Category: Platform & product updates Published: 25 April 2019 Author: Michael LeComte

From the floor of an event such as Cloud Summit X, with ISVs, service providers and others mingling and dealmaking for three days, it’s clearer than ever that cloud is here to stay. So how does someone looking to transform their business or enter the anything-as-a-service (XaaS) industry from scratch get started?

Eric Gitter, vice president of WW Strategic Business Development for CloudBlue, answered that question during the session “Designing Your XaaS Go-to-Market Strategy” at Cloud Summit X. He explored the different ways to define your business and strategically enter the market using CloudBlue, Ingram Micro’s proprietary cloud commerce platform.

A little background

From the outset, Gitter highlighted that XaaS means everything and nothing. “There’s not really one straight up answer of how you do it,” he said.

But he said that the as-a-service model has existed from the milk man delivering dairy to your door years ago through the Amazon subscriptions of today. Gitter gave some examples across history to demonstrate that “everything in business and life is cyclical; don’t reinvent the wheel every time you bring something new to market.”

Each business has a “core” proposition already—the IP, services or both. In our industry, the core usually includes devices, data/connectivity and managed services. Then “context” could be defined as soft services that include cloud, IaaS, security, MDM, BI/AI and IoT. Together, core and context make up the XaaS propositions that are taken to market.

The Business Model Canvas

He recommends using Alex Osterwalder’s 9-module Business Model Canvas™—business model in a box—that can help define your business and develop your go-to-market (GTM) strategy. 

The Business Model Canvas is a strategic management and lean startup template that works to either define a new business or to overlay on an existing business and see where gaps may exist. Its modules are key partners, key activities, key resources, value propositions, customer relationships, channels, customer segments, cost structure and revenue streams.

5 steps to a solid GTM strategy

Step 1: Define customer segments, such as mass or niche market. The key is defining what value you create, such as convenience, performance or customization, and for whom.

Step 2: Define your channels or the ways customers want to be reached. If you’re bringing a new proposition to market in an existing business, look at the gap of how your customers would want to be reached for that proposition rather than how you reach them today. 

In this module, it’s vital to model your touch points for each of the five channel phases: awareness, evaluation, purchase, delivery and after sales. These five pieces make up where your business can capture or lose most of its value.

Step 3: Define what type of relationship each of your customers expects you to establish and maintain. Examples include personal assistance, dedicated personal assistance and self-service online.

“Unless it’s just convenience and price, they want some sort of relationship with you other than billing.”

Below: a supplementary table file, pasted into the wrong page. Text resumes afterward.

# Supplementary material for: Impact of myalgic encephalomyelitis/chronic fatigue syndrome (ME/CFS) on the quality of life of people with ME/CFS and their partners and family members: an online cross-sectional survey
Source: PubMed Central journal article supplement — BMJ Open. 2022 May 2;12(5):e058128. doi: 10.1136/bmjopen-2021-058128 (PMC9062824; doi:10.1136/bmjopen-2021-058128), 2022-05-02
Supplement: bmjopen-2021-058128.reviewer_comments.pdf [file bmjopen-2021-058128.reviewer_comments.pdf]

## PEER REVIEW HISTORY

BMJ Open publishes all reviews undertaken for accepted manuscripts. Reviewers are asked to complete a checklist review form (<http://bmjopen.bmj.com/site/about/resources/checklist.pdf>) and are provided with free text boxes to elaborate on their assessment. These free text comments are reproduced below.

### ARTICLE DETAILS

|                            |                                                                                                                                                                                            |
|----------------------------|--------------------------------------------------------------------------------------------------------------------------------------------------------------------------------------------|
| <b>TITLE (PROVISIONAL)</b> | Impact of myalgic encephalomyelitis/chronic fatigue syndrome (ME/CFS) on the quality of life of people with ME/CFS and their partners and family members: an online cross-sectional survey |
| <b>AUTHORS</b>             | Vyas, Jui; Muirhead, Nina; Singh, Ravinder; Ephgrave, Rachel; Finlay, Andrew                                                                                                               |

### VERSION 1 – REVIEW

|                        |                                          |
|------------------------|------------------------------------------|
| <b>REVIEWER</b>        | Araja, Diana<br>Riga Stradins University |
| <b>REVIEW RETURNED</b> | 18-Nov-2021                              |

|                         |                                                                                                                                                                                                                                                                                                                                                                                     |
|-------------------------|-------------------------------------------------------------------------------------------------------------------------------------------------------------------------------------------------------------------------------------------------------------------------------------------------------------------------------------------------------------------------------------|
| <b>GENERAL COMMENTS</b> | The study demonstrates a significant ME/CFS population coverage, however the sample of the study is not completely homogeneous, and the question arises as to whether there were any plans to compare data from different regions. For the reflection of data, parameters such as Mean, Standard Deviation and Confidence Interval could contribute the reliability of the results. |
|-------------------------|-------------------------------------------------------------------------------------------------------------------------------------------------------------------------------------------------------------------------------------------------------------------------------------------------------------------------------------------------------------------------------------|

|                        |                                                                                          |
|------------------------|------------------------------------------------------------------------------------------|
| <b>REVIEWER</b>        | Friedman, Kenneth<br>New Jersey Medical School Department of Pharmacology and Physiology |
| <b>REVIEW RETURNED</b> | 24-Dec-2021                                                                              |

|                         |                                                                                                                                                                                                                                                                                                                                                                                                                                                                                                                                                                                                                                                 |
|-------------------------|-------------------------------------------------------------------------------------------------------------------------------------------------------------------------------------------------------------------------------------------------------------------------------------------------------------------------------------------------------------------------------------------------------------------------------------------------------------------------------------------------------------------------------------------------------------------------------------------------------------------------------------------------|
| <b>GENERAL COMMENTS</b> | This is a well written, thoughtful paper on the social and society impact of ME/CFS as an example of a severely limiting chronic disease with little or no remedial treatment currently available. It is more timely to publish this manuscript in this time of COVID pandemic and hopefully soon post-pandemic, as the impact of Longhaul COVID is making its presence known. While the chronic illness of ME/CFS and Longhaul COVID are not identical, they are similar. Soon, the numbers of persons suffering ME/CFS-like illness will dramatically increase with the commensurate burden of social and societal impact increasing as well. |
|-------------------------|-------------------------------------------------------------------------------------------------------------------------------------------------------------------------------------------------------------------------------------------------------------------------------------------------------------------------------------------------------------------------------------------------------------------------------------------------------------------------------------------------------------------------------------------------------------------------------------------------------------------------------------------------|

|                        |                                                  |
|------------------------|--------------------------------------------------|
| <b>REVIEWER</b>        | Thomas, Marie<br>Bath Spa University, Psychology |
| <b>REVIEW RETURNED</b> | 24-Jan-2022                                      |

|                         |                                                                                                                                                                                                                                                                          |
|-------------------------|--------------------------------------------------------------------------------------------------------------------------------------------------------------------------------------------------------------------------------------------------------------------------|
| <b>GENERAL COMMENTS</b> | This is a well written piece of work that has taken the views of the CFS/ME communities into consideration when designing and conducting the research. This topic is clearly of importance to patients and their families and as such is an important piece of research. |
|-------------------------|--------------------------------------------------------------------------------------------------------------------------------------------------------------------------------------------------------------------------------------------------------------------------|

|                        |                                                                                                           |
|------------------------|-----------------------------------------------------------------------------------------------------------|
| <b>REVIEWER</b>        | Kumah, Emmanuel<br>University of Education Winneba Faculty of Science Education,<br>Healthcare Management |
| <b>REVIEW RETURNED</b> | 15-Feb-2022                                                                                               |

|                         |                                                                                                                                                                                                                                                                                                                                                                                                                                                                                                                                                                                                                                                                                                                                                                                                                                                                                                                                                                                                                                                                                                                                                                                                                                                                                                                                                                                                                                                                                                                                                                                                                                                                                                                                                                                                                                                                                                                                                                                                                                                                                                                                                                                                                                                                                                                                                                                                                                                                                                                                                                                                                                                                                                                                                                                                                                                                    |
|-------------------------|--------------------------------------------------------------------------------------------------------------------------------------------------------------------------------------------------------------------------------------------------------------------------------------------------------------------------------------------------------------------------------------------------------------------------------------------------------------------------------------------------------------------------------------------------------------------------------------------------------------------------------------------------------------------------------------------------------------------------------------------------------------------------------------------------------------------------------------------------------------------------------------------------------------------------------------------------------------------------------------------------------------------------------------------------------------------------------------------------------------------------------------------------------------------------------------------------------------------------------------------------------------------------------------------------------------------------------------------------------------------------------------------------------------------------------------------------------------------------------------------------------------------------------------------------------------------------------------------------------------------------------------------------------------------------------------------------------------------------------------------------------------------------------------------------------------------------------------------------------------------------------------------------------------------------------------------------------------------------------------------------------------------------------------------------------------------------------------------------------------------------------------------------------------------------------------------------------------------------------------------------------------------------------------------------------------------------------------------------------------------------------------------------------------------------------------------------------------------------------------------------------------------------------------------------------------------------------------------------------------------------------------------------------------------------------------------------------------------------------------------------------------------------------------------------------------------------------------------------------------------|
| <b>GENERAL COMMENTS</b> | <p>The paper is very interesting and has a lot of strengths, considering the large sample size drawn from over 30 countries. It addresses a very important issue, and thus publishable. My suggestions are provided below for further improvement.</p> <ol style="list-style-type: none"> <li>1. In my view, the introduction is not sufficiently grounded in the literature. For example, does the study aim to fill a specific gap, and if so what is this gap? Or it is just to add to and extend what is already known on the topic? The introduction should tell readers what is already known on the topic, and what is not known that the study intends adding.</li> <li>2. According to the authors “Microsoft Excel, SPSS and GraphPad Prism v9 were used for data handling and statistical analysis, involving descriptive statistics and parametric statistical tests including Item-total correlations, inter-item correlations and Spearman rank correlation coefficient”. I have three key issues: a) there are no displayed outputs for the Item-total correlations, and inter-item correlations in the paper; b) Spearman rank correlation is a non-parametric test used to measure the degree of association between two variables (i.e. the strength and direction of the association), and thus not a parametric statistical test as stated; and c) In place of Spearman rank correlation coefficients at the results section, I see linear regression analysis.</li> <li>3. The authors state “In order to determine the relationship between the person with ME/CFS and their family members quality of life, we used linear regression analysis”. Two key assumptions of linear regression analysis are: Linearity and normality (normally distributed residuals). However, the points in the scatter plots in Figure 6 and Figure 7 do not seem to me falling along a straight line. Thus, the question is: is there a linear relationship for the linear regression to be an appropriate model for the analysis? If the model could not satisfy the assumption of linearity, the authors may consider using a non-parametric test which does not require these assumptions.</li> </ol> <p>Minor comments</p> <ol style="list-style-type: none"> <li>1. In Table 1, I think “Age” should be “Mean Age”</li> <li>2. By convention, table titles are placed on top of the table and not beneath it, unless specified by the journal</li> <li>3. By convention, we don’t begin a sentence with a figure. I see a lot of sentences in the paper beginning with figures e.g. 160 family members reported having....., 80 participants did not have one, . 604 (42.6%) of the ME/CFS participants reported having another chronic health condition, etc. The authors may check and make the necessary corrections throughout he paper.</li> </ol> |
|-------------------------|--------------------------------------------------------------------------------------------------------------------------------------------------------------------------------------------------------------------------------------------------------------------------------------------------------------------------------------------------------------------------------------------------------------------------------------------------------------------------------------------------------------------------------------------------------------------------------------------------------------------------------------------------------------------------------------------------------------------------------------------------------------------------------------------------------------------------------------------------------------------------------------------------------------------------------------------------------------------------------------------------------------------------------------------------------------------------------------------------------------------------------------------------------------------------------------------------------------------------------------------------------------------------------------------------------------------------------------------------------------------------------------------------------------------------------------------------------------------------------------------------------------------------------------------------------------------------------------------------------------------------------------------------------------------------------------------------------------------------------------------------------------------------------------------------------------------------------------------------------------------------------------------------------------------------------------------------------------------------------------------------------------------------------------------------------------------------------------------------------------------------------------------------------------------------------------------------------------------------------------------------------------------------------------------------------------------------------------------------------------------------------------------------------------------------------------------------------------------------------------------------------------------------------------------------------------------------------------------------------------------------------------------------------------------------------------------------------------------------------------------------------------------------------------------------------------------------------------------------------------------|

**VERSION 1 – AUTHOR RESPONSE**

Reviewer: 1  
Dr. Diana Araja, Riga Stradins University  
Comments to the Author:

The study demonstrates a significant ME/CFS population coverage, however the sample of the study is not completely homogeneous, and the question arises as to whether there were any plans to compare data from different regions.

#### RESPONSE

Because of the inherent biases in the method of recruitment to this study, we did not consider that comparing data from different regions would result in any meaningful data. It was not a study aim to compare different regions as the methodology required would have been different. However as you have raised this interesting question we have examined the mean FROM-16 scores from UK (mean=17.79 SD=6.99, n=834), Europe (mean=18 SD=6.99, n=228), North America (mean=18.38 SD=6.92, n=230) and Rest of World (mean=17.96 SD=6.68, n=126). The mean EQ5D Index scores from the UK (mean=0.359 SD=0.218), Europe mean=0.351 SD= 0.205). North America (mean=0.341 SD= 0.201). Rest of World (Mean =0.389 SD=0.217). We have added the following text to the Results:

—Eric Gitter, vice president of WW Strategic Business Development, CloudBlue

Step 4: Define which key activities come next, or ask what actions your value proposition requires in your distribution channels, customer relationships and revenue streams. The categories include production problem-solving, and whether your specific business resembles more of a platform or a network.

“You already know what you’re doing today, but you might need to look at…what are the skills, what are the people you need, what are the daily activities?” he said. 

To define key resources, you define your physical, intellectual (brand, patents, copyrights, data), human and financial resources. He used, as an example, Ingram Micro acquiring such brands as Ensim and Odin, necessitating the brand of CloudBlue to bring it all together under one new brand and business.

Key partners are defined as the key parties that are delivering something along the value chain, including suppliers such as a hardware creator. The motivations that should be defined for each partnership include optimization and economy, reduction of risk and uncertainty, and acquisition of particular resources and activities.

Step 5: Define the final two areas: 1) cost structure, including fixed/variable costs, economies of scale and economies of scope; and 2) revenue streams, including asset sales, usage fees, subscription fees, licensing, brokerage fees and advertising.

Using this as a guide, you can establish a new business model because as Gitter emphasized, “your core today is not just the products that you sell … [it’s] your relationships and your knowledge of the market.”

“The Business Model Canvas exercise will enable you to not just design a solid GTM strategy for your given XaaS initiative, but to have a very clear view of every important aspect that plays into this business initiative being successful.”

—Eric Gitter, vice president of WW Strategic Business Development, CloudBlue

To find out more about the GTM strategy using CloudBlue, read our “How to Map Your XaaS Go-to-Market Strategy” whitepaper.

Michael LeComte
Michael LeComte Global Cloud Product Marketing Manager CloudBlue

Michael is responsible for the global go-to-market strategy, including positioning and messaging, related to the CloudBlue platform for telcos, service providers, MSPs, IT resellers, distis, retail and enterprise.